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I dug out my old TV (in truth a 23 inch 1680 x 1050 widescreen monitor with an aerial input I’d used until I saved up for a proper HD set), shut down my rig and plugged it in. Windows failed miserably to provide me with adequate resolution settings and it all looked a bit fuzzy and distorted, like a jumper that had been left un-ironed for too long. (F*cking PCs) But a quick turn-it-off-and-on-again and we were away. My eyes virtually popped. Icons had never looked so beautiful.
Only one thing to do now. I was going to get my Freeman on.
Half-Life 2 fired up. I cranked it up to full native resolution and nearly cried with joy. But now it was time for the tweakening to begin. I didn’t know if I my old rig could cope with all the new pixels, but I was bloody well going to find out. Once more unto the video options, dear friends, once more.
But after so long of only having to deal with console game brightness sliders, bloody hell there were a lot of them.
And bloody hell, they were beautiful.
Anti-aliasing. Bilinear, trilinear anisotropic filtering. Colour correction. Texture quality. Dynamic range. Every one was an old friend rushing up to meet me, open-armed, to make me part gamer, part mechanic, part graphic designer. We ran towards each other through the romantic, sunlit meadow of graphical customisation and embraced passionately.
It took me half-an-hour and God only knows how many trial-and-error, frame-rate-guaging walks around City 17’s railway platforms (by the end of it my reawakened instincts had me counting the FPS like Neo seeing through the Matrix), but I nailed it. Whatever anyone says, this stuff isn’t an awkward chore. It’s the joyful first part of the game. Half-Life 2 looked amazing, but not just amazing. It was my amazing, intricately balanced to my own specifications on a machine I had designed to my own specifications all those years ago. You just can’t put a price on having your very own graphics.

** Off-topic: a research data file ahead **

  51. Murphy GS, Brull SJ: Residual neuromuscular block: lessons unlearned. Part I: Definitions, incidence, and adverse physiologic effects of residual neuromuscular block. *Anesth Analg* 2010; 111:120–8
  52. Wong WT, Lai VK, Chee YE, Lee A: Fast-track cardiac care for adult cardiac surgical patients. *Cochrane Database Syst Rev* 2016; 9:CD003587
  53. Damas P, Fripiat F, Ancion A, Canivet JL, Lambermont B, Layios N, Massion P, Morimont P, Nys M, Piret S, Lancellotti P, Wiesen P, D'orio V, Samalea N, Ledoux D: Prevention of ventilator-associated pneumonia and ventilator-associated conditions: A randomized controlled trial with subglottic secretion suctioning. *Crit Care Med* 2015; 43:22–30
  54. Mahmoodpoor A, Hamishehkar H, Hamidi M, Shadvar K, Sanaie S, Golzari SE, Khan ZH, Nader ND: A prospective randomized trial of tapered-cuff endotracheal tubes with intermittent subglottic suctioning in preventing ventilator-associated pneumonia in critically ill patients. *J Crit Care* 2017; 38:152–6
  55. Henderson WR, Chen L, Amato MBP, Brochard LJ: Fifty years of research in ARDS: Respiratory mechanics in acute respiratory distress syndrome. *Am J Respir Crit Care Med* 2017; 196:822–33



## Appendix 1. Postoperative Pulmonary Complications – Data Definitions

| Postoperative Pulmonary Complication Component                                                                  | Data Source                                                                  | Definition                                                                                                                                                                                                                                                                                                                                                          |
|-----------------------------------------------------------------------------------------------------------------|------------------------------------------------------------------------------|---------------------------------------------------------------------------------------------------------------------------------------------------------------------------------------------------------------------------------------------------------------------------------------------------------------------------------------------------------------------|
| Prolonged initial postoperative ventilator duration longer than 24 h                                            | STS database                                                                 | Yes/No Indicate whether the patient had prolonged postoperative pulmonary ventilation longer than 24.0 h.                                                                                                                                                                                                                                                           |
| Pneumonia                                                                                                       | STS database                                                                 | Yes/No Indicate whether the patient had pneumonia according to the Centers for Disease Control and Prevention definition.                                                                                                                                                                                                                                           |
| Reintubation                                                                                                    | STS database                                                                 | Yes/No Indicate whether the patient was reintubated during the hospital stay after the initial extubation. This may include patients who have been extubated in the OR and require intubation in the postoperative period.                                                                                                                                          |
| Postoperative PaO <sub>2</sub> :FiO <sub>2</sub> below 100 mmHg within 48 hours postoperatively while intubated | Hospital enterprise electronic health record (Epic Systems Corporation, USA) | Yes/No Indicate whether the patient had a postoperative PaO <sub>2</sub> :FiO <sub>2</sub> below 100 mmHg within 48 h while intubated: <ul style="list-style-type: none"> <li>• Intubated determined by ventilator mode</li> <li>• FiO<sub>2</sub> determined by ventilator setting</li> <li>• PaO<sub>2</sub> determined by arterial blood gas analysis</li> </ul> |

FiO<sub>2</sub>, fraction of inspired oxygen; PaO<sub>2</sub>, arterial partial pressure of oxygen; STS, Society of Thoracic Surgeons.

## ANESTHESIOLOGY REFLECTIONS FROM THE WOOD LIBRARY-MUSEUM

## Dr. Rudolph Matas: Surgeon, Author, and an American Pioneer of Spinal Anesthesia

But then something went wrong. H-L2 went crazy and started losing polygons, allowing me to see through Barney’s head. It started throwing in extra pols with stretched textures, draped over objects like lazily organised washing. No amount of extra tweaking fixed it, and it happened on all the Source engine games I tried. It could be a weird glitch, it could be my graphics card packing up (if anyone has a suggestion, please let me know), but the rest of the night was dedicated to fixing it.
But I’ll omit the now-customary ‘f*cking PCs’, this time. Because at this stage of my re-found love of PC gaming, it wasn’t an irritating technical failure. It was an awesome boss fight. Because that’s the thing with PC gaming. All the things that non-PC folk think are an unnecessary ball-ache are actually far from it. They're all part of the fun. They're part of the eternally exciting, work-and-reward pay-off that comes with having your own personal system, completely under your own command. It’s part of the culture. It’s part of the game itself.
I could go on. I could bang on about how clodden 360 games now feel after half an hour playing around with Doom 3’s console commands, gleefully turning myself into a 200 MPH, fish-eye-lensed Xenomorph with a plasma rifle. I could tell you about the near-fatal adrenalin rush I gave myself playing a Quake 3 railgun match with cranked-up game speed and borderline-illegally twitchy mouse sensitivity. But I won’t. Instead I’ll round off with a phone call I received from a more techy friend after making my glitch woes public.
‘Could be your GPU packing up, mate. It is a pretty old rig’
‘Sorry about that. But hang on a minute, I’ve got a bunch of spare parts knocking around. Fancy building a new one?’
The parts were far in advance of the ones I’m currently running. And cheap. But I’m trying to save money this month. And months ago I vowed not to make any big splurges until I’ve got myself a PS3. My plan was solid and unwavering.
‘Let me look into finances at the end of the month’, I replied. ‘I’ll get back to you as soon as I can’
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